Livestock farmers are under increasing pressure to reduce their environmental impact and dairy farming in particular is affected with almost 40% of emissions from methane produced as a consequence of ruminant fermentation.

In a bid to combat this, Mole Valley Farmers is incorporating methane output into its precision nutrition ration programme to give farmers a greater understanding of how different diets impact on the environment.

The new programme, which was launched at Dairy-Tech, at Stoneleigh Park on Wednesday, is able to predict the grams of methane per cow per day produced and grams of methane per litre that a specific ration is likely to produce, based on its nutrient profile. This is calculated using an equation which has been carefully selected from peer reviewed literature to complement UK dairy systems.

The decision to look at methane in detail follows research carried out by Harper Adams University in conjunction with Mole Valley Farmers. The work looked at methane output on different diets and found that rations based on maize silage and starch reduced daily methane emissions by about 7%, compared to grass silage and higher fibre diets.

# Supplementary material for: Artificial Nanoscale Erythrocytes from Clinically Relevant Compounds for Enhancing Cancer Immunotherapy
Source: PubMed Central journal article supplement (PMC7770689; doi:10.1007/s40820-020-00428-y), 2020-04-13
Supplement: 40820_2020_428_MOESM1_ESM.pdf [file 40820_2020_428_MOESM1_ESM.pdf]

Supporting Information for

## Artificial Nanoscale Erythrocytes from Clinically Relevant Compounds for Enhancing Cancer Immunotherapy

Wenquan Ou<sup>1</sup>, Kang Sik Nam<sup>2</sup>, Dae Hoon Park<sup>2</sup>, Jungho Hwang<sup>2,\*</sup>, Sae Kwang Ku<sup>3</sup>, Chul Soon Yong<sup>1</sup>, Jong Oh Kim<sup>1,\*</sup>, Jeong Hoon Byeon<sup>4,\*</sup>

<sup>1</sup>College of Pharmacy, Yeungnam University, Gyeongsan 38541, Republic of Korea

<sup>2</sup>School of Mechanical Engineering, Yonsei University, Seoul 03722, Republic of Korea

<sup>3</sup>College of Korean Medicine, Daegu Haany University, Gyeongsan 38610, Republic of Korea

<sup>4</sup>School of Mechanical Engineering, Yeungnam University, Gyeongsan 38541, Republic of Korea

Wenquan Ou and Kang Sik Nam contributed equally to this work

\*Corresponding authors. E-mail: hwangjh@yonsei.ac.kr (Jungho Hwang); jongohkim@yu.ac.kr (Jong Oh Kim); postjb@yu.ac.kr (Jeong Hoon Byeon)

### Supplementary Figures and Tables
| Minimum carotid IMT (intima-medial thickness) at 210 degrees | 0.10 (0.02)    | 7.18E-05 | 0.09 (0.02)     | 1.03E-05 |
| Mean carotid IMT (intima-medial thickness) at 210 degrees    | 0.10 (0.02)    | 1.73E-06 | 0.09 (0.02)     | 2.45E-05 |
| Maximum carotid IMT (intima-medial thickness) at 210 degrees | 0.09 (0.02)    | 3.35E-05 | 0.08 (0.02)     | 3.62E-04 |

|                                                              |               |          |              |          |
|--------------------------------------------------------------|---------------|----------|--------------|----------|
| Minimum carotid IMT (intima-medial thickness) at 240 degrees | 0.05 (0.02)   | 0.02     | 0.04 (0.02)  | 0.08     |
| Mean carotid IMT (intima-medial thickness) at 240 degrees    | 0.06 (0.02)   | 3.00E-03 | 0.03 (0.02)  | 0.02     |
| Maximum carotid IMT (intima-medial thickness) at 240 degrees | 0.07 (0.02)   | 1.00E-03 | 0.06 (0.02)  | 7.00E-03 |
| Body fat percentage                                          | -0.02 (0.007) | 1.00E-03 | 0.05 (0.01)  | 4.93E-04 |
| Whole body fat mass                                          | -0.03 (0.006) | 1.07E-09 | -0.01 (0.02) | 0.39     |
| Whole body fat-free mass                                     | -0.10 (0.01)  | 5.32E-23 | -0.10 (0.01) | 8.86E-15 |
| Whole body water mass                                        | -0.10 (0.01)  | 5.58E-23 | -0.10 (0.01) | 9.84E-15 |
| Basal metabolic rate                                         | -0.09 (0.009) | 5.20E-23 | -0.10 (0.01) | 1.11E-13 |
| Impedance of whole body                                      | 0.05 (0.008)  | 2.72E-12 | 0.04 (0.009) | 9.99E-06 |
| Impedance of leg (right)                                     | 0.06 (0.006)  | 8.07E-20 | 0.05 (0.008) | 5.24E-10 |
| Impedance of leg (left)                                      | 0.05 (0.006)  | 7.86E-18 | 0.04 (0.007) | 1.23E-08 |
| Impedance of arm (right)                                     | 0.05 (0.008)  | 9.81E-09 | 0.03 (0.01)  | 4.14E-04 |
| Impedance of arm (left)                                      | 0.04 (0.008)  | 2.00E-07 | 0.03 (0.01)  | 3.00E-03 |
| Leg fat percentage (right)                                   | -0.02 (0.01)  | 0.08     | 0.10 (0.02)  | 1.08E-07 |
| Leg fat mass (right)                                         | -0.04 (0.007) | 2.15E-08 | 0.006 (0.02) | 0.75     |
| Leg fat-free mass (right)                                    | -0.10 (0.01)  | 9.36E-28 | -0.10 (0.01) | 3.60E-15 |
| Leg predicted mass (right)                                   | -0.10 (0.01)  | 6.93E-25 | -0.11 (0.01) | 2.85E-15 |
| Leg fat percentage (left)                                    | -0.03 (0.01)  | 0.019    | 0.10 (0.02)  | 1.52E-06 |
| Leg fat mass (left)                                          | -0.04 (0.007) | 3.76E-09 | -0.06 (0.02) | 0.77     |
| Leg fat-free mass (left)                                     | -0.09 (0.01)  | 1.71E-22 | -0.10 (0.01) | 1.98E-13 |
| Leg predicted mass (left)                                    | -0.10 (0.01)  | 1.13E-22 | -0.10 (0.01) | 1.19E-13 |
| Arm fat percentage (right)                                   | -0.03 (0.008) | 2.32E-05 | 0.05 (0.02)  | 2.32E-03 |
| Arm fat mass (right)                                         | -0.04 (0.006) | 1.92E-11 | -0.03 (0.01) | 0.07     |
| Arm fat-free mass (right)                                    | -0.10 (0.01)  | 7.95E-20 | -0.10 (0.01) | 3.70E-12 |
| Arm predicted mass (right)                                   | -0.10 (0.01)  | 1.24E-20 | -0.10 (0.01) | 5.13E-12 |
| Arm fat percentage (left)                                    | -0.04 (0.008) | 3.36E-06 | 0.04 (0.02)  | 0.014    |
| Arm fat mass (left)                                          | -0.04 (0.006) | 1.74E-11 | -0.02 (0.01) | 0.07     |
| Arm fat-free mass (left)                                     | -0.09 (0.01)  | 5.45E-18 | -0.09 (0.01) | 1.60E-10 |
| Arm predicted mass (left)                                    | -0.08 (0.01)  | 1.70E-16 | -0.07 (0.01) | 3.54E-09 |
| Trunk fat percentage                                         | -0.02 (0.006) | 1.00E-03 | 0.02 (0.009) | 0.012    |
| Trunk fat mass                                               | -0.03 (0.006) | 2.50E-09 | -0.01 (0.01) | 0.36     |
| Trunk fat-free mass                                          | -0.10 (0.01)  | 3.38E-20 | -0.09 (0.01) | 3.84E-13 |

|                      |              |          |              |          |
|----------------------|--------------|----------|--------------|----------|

With the NFU setting a target for farming to become net zero by 2040, having the tools in place to understand farming’s true impact on the environment is essential, says Mole Valley Feed Solutions technical manager, Dr Matt Witt.

“Although there’s currently no penalty or reward for producing more or less methane, it’s likely these parameters will become more important in terms or milk payments, support payments or both. We want to be prepared for that,” said Dr Witt.

“We want to try and put a bit of realism into the debate around cows and the environment. Having figures on methane will allow us to benchmark so we are in a better position to help farmers plan for the future.

“We’ll start to get a feel for what the numbers look like, how they are influenced by diet and how they link to other key drivers of profitability.”

As the system develops and is fully understood, Dr Witt has three main ways in the short-term that dairy farmers can reduce methane emissions:

1. Improve cow longevity and fertility – If cows are fertile and live longer, replacements rates will be lower, reducing the number of heifers on the ground and lowering methane output.

2. Avoid excessive fibre levels as part of a balanced diet – Avoiding excessive levels of fibre, whilst maintaining good ration balance for production, can help lower methane emissions. For example, a realistic diet of 32% NDF versus a diet of 40% NDF will produce around 5% less methane, according to precision nutrition calculations.

3. Produce more from less cows – Raising output per cow can enable cow numbers to be reduced, thus benefitting the environment.